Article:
THE REAL PHILLIP LIM

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Phillip Lim has changed. The designer sees beauty in another way and his simple beachside shack on Long Island was a catalyst to a shift in perspective and priorities. The house might be a work in progress with elements from the 80s and 90s mixed with the original 40s architecture reminiscent of Marcel Breuer’s style. But as far as the designer turned rights activist is concerned, the beach retreat he calls Happy Place does not have to be perfect or even finished to be beautiful. 
“I no longer want everything to be new and the best in class. I am trying to find the balance of when and where I should insert my hands and where I should just respect the natural course,” says Lim about the natural unfinished edges, timeworn pieces, doorknobs made of rocks from the beach, old possessions of timeless design with vintage and contemporary furniture used in a new way.
The ocean retreat is very different from his New York loft, which Lim speaks about as if it belonged to a different era. Before the pandemic he was content to be the Asian-American fashion designer the Phillip Lim brand. Now he is more fluid, creator and activist.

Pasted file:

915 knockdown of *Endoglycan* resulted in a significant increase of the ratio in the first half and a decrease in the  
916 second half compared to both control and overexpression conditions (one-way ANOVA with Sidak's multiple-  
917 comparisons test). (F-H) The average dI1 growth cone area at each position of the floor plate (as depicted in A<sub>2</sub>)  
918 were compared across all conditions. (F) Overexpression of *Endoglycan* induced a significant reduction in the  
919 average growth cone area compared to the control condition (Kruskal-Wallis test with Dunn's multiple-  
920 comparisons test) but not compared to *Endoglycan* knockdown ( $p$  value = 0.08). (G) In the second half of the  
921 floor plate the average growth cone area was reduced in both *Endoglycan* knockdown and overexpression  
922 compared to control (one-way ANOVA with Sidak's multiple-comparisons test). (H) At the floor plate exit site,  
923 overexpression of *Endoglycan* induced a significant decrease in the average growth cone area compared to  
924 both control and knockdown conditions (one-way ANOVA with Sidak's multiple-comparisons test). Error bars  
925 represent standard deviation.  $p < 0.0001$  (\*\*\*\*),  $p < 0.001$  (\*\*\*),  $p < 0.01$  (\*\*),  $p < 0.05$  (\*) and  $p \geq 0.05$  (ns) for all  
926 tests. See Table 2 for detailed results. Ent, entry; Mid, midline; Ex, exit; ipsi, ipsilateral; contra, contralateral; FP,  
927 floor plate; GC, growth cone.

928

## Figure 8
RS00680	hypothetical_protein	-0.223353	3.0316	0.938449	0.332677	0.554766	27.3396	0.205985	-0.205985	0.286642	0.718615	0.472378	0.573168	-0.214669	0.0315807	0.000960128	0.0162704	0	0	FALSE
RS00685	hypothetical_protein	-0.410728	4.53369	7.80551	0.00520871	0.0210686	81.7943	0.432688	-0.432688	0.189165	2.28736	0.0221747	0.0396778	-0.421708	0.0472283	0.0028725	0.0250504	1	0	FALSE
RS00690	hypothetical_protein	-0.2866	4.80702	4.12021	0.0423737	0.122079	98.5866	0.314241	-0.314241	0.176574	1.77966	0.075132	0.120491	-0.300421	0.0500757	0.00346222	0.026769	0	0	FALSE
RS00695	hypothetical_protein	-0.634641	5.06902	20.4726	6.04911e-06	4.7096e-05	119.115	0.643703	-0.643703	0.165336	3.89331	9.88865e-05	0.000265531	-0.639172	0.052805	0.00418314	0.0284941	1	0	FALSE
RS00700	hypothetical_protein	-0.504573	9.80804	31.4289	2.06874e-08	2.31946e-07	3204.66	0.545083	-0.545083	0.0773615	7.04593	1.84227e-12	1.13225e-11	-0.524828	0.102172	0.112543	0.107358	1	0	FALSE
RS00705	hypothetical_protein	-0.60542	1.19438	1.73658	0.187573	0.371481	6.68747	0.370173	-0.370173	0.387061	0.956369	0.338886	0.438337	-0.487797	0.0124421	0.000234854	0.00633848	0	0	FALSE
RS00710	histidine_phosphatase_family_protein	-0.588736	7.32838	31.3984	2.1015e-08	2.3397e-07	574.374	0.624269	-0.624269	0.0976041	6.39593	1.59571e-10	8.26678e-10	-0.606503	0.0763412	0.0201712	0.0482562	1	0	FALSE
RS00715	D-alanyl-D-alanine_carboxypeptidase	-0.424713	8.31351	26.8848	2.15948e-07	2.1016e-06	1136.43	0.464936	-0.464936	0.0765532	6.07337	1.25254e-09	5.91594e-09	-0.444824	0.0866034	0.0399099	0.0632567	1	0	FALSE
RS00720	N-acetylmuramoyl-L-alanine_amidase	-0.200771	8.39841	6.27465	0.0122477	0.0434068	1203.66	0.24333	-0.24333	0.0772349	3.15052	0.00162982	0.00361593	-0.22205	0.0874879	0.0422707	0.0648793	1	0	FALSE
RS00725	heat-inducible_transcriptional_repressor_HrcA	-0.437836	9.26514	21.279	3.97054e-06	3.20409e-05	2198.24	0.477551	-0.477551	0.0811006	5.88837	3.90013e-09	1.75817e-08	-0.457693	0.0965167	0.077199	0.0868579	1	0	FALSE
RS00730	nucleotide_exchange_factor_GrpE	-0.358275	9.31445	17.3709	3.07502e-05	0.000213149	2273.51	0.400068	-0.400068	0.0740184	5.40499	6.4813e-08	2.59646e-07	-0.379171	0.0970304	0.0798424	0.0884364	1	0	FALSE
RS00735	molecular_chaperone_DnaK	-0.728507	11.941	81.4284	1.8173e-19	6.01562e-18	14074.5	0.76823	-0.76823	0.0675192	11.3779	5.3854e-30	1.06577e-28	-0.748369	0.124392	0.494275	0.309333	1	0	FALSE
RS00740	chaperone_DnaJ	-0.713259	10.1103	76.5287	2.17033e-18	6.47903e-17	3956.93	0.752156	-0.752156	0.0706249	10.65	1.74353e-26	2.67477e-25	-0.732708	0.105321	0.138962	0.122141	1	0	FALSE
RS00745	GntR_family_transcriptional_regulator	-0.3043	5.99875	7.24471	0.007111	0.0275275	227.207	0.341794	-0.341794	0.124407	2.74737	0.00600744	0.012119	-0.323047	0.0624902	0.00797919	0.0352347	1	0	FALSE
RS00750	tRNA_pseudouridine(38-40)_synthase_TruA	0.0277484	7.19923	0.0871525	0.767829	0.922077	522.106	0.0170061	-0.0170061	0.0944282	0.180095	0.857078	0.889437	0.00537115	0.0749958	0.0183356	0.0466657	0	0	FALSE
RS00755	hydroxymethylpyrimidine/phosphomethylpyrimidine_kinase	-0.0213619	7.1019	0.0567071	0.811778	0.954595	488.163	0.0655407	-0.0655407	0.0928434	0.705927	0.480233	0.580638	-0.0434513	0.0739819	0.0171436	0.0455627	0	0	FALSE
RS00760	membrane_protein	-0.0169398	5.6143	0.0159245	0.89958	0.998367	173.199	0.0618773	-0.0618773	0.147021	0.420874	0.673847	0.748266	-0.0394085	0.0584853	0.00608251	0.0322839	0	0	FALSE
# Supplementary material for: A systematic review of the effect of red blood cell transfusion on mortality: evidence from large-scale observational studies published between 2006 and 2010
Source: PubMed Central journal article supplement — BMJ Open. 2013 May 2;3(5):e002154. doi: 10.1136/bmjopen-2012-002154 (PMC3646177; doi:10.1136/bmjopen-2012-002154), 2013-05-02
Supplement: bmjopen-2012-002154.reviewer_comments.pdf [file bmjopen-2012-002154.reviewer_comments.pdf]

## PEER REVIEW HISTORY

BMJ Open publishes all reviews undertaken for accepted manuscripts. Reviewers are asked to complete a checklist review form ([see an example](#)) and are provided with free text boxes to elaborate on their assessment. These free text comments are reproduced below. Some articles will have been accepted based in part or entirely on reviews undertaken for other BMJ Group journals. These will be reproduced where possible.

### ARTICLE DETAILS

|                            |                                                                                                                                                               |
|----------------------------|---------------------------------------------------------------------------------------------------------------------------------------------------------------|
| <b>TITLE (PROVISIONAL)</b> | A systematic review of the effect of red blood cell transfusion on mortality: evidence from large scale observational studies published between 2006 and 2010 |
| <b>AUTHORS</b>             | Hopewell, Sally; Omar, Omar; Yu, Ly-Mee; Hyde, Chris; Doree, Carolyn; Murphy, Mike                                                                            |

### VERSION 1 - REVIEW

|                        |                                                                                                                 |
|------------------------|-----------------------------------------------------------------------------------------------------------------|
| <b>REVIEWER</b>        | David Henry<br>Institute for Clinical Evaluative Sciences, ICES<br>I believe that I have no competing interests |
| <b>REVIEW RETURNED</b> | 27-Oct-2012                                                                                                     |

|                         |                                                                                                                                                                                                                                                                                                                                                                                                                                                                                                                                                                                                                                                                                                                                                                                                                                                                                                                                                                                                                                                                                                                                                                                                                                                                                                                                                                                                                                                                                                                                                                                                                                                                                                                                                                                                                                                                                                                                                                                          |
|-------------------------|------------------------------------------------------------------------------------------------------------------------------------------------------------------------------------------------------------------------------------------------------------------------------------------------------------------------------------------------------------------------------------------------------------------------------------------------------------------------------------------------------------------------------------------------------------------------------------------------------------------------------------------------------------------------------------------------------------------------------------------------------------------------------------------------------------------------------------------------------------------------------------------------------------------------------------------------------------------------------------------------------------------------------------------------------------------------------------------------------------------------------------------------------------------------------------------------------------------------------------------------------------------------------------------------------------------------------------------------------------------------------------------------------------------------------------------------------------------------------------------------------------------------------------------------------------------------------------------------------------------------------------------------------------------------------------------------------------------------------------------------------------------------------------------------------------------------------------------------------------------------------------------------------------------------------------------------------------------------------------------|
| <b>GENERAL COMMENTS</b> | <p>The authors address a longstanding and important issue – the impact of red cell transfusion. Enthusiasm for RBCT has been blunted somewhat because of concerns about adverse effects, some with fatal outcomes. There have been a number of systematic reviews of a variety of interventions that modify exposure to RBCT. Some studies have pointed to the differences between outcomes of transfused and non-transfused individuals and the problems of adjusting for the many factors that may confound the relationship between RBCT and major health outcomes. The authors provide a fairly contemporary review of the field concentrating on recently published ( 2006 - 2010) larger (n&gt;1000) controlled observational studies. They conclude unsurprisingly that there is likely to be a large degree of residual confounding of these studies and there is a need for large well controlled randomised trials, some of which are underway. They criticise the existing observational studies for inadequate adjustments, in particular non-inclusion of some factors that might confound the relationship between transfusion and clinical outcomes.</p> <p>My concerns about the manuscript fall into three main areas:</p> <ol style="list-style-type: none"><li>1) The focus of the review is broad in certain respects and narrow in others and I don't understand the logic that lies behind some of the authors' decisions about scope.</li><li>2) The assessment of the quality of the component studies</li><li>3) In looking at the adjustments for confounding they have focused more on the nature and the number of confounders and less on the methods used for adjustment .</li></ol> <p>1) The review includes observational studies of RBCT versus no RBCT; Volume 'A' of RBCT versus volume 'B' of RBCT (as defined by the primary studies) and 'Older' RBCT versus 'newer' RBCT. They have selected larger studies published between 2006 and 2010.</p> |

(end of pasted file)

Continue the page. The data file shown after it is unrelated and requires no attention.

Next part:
“I live a different way now. As soon as I open the door, I am immersed in nature and I feel so alive.”

Read more in Ark Journal VOLUME X.

WORDS KAARIN GRÅBÆK HELLEDIE
PHOTOGRAPHY WICHMANN + BENDTSEN
STYLING HELLE WALSTED
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THE REAL PHILLIP LIM

Home

Phillip Lim has changed. The designer sees beauty in another way and his simple beachside shack on Long Island was a catalyst to a shift in perspective and priorities. The house might be a work in progress with elements from the 80s and 90s mixed with the original 40s architecture reminiscent of Marcel Breuer’s style. But as far as the designer turned rights activist is concerned, the beach retreat he calls Happy Place does not have to be perfect or even finished to be beautiful. 
“I no longer want everything to be new and the best in class. I am trying to find the balance of when and where I should insert my hands and where I should just respect the natural course,” says Lim about the natural unfinished edges, timeworn pieces, doorknobs made of rocks from the beach, old possessions of timeless design with vintage and contemporary furniture used in a new way.
The ocean retreat is very different from his New York loft, which Lim speaks about as if it belonged to a different era. Before the pandemic he was content to be the Asian-American fashion designer the Phillip Lim brand. Now he is more fluid, creator and activist.
“I live a different way now. As soon as I open the door, I am immersed in nature and I feel so alive.”

Read more in Ark Journal VOLUME X.

WORDS KAARIN GRÅBÆK HELLEDIE
PHOTOGRAPHY WICHMANN + BENDTSEN
STYLING HELLE WALSTED
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